It started with an Eric Clapton guitar (a Fender Lead II, for the gearheads in the audience). The beginning of something that nobody even knew was beginning.
It was just a goof. A laugh. A joke among friends.
Back in the seventies, Clapton – the original guitar god, founder of Cream and Derek & the Dominoes, creator of the immortal “Layla” – liked to eat at this quirky American diner in London called the Hard Rock Cafe. The place was this funky old building that used to be a Rolls Royce dealership, and it was run by a couple of young Americans who liked to keep it loose. Founded by Isaac Tigrett and Peter Morton, two enterprising and music-loving Americans, Hard Rock Cafe was an instant classic. You could be yourself at the Hard Rock. It was good food and a good time.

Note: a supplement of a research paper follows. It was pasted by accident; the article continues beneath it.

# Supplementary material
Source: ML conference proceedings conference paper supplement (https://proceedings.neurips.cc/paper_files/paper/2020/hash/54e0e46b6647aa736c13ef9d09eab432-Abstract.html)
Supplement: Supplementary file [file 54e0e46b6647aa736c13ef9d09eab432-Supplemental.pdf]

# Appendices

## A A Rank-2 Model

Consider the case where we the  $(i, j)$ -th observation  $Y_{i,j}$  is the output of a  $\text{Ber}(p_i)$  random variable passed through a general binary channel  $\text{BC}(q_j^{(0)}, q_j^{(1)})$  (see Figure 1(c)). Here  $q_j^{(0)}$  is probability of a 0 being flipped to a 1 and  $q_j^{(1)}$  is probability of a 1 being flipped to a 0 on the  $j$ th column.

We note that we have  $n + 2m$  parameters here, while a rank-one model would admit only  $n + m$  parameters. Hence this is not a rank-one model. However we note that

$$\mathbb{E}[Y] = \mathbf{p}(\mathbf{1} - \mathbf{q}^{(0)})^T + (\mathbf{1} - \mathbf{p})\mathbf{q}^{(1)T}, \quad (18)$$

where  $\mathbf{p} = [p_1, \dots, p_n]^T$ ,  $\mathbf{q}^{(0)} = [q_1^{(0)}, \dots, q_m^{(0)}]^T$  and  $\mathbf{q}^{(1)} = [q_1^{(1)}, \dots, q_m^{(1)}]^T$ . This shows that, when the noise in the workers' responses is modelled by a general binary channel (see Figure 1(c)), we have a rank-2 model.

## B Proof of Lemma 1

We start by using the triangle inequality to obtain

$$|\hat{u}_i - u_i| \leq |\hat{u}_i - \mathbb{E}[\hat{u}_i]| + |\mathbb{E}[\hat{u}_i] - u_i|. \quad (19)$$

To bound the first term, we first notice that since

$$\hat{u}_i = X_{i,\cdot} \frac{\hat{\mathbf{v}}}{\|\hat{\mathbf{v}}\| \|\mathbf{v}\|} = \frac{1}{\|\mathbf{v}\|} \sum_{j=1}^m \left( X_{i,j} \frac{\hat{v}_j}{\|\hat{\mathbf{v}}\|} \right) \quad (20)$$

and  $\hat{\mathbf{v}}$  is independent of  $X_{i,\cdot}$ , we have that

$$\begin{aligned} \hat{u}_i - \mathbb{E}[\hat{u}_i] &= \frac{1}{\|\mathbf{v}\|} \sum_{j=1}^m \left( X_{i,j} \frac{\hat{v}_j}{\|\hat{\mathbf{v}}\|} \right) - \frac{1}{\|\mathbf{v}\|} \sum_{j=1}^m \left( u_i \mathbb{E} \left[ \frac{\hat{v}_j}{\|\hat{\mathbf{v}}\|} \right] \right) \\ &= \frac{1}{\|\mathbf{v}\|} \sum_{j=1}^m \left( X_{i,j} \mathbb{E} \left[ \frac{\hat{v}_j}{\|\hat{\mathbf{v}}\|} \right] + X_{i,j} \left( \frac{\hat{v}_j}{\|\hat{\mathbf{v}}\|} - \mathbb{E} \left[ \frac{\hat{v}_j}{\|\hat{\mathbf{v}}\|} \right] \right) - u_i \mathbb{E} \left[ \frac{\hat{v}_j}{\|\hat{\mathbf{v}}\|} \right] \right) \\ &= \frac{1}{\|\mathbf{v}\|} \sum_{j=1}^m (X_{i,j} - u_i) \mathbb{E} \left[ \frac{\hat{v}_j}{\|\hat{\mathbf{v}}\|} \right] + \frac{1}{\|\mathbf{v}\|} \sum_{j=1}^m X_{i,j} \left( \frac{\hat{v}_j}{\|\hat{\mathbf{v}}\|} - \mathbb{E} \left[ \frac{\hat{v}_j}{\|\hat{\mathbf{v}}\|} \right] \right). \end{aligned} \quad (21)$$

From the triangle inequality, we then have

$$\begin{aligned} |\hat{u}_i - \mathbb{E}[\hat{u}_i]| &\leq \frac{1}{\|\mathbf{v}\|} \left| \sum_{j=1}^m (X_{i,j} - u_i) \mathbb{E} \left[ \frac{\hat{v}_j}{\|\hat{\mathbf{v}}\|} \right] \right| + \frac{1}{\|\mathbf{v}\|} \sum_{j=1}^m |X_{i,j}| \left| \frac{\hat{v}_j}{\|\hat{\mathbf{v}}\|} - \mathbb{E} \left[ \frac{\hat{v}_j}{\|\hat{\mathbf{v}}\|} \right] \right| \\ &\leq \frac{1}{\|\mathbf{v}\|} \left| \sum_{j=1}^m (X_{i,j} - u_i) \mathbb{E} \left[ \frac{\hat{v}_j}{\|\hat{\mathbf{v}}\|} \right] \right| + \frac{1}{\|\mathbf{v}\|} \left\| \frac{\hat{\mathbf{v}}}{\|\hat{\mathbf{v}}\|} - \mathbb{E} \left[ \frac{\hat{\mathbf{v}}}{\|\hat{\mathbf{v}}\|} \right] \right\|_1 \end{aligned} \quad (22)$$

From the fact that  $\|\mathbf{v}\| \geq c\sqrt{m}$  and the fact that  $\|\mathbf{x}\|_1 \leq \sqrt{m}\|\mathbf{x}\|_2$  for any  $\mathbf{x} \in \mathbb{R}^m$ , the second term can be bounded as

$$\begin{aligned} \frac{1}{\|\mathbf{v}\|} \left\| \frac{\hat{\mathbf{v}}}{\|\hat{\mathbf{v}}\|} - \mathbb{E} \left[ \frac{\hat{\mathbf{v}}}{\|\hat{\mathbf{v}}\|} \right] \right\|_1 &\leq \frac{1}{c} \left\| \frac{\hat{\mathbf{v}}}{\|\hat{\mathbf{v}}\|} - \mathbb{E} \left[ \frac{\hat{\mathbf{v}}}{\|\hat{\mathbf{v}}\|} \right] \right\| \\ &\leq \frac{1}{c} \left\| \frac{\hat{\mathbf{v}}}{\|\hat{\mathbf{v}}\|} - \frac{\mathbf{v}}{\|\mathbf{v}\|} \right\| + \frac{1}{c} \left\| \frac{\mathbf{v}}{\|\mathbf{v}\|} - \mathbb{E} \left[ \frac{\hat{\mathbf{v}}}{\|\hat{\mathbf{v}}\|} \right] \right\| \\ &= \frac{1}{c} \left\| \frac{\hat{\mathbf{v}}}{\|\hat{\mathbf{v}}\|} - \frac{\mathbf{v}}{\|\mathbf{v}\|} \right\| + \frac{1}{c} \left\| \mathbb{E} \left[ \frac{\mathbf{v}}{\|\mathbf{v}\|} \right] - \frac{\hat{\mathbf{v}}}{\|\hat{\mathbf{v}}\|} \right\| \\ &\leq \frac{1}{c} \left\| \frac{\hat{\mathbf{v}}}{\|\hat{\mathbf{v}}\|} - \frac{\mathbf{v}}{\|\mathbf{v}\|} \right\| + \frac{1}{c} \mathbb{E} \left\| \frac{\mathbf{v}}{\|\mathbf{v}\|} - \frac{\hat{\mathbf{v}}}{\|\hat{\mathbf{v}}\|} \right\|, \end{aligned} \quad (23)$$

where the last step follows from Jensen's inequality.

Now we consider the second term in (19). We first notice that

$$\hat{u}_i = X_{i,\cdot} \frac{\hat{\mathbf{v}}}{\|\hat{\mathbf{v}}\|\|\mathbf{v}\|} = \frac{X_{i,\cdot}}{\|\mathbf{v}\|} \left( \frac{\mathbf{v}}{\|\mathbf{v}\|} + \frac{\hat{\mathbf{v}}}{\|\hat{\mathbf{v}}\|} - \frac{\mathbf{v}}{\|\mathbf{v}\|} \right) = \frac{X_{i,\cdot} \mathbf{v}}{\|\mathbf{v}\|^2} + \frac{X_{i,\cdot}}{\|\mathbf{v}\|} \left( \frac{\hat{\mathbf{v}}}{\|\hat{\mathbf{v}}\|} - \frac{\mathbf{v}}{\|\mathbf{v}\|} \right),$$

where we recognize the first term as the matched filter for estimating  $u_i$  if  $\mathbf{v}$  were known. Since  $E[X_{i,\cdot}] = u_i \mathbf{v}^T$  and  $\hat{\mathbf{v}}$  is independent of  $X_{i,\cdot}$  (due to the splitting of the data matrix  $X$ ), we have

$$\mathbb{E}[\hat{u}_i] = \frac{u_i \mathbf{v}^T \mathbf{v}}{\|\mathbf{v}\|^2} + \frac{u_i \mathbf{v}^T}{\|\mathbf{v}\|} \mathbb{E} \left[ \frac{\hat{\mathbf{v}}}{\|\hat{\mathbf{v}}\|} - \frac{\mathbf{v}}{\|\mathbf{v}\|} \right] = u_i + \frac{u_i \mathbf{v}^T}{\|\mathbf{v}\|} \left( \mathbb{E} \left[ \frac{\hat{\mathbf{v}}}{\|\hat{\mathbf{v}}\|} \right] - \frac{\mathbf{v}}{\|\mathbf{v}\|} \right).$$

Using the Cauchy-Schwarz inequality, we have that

So Clapton got to be friends with the proprietors and asked them to save him a regular table, put up a brass plaque or something. And the young proprietors said, “Why don’t we put up your guitar?” They all had a chuckle, and he handed over a guitar, and they slapped it on the wall.
No one thought much more about it. Until a week later, when another guitar arrived (a Gibson Les Paul, by the way). With it was a note from Pete Townshend of The Who which read: “Mine’s as good as his. Love, Pete.”
The young proprietors put it on the wall. After that, the guitars never stopped coming. Today there are more than 70,000 guitars, drums, pianos, harmonicas, microphones, shirts, pants, scarves, shoes, handwritten lyrics, cars, bikes, a bus and assorted rock memorabilia – by far, the largest, most valuable such collection in the world – on the walls of over 163 Hard Rock Cafes, Hotels and Casinos in 52 countries around the world.
But it all started with the one.